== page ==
The new station on the new highway began to see more and more use as the number of travelers on the new interstate highway increased.

The amount of information available grew, there were restrooms, drinking water and vending machines available. The site was a nice rest area.

From only one highway information station in Texas in 1936, today there are 12 Texas Travel Information Centers located on major entrances to Texas. The centers are located at Amarillo, Anthony, Austin, Denison, Gainesville, Harlingen, Laredo, Orange, Texarkana, Waskom, Wichita Falls, and the Judge Roy Bean Visitor Center at Langtry.

The centers are open from 8 a.m. to 5 p.m. seven days per week with the exception of the Austin center, located at the state capitol which has the hours of 9 a.m. to 5 p.m. Monday through Friday.

The centers are to “Create a positive impression of the Lone Star State. Centers are staffed by professional travel counselors to provide visitors with routing assistance and give information on points of interest and road conditions.”

Services available at the centers include Texas Department of Transportation (TxDOT) travel literature, including the Texas State Parks Travel Guide, the Texas Official Travel Map, literature about Texas public campgrounds, and the Texas Events Calendar.

Additional literature includes maps, booklets, brochures, and pamphlets from local and statewide destinations, points of interest, special events, lodging and restaurants.

The center at Orange has a “Welcome to Texas” photo area, two sets of men’s and women’s restrooms open 24 hours per day, diaper changing stations, drinking water, a family assisted rest room, group picnic facility, handicap access, interpretive displays, motor carrier permits, TxTag, picnic tables, professional travel counselors, security surveillance, separate truck and passenger vehicle parking, vending machines, video theater, walking trail, weather information, and wireless internet access.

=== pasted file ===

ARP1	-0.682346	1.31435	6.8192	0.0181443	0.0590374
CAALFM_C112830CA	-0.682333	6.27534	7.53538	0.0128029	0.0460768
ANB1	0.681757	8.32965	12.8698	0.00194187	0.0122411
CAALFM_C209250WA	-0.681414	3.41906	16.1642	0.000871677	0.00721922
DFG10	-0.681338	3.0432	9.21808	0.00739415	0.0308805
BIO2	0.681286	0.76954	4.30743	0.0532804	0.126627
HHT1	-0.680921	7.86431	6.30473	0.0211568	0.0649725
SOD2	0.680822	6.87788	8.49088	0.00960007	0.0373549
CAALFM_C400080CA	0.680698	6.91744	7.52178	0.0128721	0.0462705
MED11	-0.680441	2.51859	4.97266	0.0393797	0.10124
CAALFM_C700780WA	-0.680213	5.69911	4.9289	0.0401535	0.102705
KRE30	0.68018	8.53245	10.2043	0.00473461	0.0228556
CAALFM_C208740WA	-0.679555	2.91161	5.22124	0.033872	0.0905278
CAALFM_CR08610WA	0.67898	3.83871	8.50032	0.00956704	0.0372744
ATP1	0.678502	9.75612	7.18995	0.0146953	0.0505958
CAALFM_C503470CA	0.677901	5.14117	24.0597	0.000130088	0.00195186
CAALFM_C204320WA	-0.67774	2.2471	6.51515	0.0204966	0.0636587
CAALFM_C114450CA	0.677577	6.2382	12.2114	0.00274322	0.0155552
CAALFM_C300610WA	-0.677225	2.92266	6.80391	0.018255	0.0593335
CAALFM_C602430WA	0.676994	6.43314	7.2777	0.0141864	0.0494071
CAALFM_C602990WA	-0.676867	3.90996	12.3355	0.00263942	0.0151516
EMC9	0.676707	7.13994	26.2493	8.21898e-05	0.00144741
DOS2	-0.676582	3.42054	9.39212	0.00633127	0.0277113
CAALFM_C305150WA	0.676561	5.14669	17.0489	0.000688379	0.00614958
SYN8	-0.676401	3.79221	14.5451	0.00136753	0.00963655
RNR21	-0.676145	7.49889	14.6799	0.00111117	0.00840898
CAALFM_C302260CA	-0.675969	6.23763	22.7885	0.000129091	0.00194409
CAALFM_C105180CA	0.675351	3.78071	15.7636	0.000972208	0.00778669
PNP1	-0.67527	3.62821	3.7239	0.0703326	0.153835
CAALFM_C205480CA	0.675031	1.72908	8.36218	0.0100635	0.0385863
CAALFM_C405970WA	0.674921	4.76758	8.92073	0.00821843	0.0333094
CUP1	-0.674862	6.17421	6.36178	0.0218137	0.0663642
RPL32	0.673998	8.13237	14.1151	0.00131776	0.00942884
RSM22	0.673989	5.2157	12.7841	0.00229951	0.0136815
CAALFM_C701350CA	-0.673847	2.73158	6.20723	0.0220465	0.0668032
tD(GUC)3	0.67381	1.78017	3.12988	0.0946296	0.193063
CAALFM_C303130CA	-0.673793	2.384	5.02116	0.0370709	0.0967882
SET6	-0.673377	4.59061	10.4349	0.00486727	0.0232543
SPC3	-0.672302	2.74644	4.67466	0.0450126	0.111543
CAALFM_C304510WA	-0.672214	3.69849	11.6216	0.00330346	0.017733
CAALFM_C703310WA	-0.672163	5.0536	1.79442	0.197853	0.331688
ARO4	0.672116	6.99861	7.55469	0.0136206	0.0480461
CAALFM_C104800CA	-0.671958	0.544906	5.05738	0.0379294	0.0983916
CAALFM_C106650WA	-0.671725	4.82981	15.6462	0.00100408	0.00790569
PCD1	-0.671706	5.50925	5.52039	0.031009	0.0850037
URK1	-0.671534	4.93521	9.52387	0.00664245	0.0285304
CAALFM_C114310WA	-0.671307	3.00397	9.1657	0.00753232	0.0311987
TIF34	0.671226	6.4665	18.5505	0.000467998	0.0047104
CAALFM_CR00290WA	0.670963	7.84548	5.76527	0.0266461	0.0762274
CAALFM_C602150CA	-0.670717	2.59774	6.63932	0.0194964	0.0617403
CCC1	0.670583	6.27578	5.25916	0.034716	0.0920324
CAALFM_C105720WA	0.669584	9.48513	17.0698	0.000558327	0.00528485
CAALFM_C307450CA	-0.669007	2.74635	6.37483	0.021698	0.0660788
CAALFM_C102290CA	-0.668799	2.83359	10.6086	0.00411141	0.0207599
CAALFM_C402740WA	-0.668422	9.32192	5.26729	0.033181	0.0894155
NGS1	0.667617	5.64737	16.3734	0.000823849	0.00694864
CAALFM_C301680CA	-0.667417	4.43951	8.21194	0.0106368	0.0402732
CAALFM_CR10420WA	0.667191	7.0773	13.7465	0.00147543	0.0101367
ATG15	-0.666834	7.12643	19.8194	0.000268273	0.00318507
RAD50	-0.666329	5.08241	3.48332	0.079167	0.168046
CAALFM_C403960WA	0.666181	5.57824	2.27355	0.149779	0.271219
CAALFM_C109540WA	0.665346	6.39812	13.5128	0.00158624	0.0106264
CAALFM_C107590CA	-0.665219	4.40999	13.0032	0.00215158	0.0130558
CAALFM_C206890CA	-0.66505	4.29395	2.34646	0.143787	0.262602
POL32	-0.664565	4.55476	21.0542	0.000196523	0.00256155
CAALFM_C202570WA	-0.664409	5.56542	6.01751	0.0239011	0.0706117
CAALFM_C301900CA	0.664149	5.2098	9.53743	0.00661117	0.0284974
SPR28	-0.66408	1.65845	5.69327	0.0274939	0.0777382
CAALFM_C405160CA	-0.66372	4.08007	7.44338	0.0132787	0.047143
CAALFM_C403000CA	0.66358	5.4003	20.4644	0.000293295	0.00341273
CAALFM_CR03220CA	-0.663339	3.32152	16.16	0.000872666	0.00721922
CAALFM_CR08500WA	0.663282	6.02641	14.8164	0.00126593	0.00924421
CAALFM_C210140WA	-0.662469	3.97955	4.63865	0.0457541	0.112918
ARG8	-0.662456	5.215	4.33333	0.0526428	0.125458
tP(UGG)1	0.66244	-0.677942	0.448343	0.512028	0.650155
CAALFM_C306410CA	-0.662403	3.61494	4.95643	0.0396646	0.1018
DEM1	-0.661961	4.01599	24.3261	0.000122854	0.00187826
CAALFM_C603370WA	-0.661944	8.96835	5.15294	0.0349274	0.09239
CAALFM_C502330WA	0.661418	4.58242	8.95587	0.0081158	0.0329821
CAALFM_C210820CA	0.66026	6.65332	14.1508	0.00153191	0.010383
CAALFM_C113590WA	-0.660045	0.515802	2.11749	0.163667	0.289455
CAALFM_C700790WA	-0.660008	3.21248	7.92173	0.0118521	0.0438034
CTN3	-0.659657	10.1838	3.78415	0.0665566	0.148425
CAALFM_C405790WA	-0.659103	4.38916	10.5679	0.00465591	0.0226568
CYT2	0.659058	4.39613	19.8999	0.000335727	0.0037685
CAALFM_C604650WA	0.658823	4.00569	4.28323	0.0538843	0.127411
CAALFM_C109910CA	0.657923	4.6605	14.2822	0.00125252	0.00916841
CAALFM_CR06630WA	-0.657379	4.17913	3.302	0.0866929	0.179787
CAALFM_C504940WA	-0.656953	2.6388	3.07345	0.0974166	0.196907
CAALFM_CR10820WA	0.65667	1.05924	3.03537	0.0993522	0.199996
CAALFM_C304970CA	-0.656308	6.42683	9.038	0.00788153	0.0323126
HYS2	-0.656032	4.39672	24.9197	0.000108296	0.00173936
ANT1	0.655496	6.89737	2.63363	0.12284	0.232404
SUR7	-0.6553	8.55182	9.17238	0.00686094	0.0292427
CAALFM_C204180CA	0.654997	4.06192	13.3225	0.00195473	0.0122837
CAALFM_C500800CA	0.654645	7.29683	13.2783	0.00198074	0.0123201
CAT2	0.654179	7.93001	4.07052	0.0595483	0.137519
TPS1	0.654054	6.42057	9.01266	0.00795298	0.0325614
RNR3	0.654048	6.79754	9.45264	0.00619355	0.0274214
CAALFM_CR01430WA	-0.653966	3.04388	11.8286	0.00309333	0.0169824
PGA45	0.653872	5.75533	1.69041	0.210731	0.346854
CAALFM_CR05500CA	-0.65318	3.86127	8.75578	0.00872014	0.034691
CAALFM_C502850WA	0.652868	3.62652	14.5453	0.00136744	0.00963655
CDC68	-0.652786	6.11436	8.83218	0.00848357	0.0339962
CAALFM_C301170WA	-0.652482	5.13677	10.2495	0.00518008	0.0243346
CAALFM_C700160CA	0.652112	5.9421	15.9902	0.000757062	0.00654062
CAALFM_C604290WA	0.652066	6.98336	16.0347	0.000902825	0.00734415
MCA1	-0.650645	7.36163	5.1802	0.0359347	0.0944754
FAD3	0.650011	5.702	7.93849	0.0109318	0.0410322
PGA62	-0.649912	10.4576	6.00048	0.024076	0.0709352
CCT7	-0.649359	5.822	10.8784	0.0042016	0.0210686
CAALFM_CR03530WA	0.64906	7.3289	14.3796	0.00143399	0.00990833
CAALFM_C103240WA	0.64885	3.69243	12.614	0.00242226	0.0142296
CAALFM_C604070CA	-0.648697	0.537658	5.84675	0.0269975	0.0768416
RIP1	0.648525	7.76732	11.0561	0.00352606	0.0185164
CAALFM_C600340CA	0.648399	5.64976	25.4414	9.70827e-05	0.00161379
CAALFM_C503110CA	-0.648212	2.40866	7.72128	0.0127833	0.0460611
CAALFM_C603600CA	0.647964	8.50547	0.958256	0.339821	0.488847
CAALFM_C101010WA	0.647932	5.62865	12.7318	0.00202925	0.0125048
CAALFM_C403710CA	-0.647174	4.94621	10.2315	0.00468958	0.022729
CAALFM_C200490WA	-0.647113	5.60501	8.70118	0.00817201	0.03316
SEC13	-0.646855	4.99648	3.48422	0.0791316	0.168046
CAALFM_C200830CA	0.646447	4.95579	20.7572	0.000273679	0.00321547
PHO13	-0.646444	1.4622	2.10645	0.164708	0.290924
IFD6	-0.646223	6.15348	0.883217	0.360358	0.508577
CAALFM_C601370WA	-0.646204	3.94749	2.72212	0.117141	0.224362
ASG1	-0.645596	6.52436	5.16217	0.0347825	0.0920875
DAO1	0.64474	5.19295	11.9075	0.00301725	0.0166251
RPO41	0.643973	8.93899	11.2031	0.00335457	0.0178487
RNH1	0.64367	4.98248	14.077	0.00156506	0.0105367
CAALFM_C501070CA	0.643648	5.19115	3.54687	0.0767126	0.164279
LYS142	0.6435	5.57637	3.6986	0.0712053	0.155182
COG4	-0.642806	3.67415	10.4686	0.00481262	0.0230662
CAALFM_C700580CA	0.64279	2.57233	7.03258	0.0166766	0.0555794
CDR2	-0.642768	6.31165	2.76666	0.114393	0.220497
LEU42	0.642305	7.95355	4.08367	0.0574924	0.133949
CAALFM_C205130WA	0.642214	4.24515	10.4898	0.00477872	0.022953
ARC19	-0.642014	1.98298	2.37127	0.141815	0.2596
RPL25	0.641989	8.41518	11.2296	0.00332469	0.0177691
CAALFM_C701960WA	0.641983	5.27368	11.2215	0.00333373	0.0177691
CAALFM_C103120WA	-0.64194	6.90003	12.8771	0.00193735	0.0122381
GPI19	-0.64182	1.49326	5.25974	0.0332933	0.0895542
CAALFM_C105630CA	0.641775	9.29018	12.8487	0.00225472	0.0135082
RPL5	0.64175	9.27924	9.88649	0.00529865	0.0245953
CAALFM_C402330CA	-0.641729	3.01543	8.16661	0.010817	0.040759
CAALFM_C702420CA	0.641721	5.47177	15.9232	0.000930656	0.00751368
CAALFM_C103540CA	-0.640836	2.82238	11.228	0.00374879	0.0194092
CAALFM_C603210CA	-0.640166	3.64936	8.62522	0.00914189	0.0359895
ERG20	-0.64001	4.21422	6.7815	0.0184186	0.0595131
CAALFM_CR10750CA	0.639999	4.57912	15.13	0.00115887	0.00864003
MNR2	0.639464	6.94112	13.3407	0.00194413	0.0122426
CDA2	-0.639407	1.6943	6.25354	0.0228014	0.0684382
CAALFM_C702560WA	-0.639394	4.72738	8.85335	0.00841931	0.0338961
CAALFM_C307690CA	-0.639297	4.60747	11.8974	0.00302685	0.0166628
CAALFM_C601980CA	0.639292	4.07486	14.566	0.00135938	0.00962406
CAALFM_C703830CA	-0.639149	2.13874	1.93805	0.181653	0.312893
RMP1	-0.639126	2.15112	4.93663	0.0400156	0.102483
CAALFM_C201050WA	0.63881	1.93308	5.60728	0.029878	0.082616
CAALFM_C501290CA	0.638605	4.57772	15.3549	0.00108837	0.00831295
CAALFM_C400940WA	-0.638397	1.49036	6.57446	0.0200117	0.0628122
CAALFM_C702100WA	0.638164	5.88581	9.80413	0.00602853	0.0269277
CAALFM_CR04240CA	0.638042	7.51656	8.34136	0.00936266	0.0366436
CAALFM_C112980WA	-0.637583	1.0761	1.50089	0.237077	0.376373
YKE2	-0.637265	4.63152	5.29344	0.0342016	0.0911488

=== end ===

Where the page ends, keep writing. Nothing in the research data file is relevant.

The picnic tables are covered and there is a boardwalk with interpretive exhibits of the Blue Elbow Swamp and a scenic deck with an overview of the wetland area and cypress forest.

Texas Information Centers are part of the Travel Information Division that promotes travel to and within the State of Texas.

The Division distributes and produces travel literature and operates the 12 information centers, the Drive Texas program, and Texas Highways Magazine. The Division also manages the Don’t Mess with Texas, Adopt-A-Highway, and Drive Texas programs and partners with Keep Texas Beautiful.

The information center at Orange follows the same operation hours as the other centers. The centers are closed Easter Sunday, Thanksgiving, Christmas Eve and Christmas Day and New Year’s Day.

The Orange travel center may be reached by dialing 409-883-9416.

The phone number for travel information, trip planning, highway conditions information is 800-452-9292, available 8 am. to 6 p.m. daily. Automated road condition information is available 24 hours per day.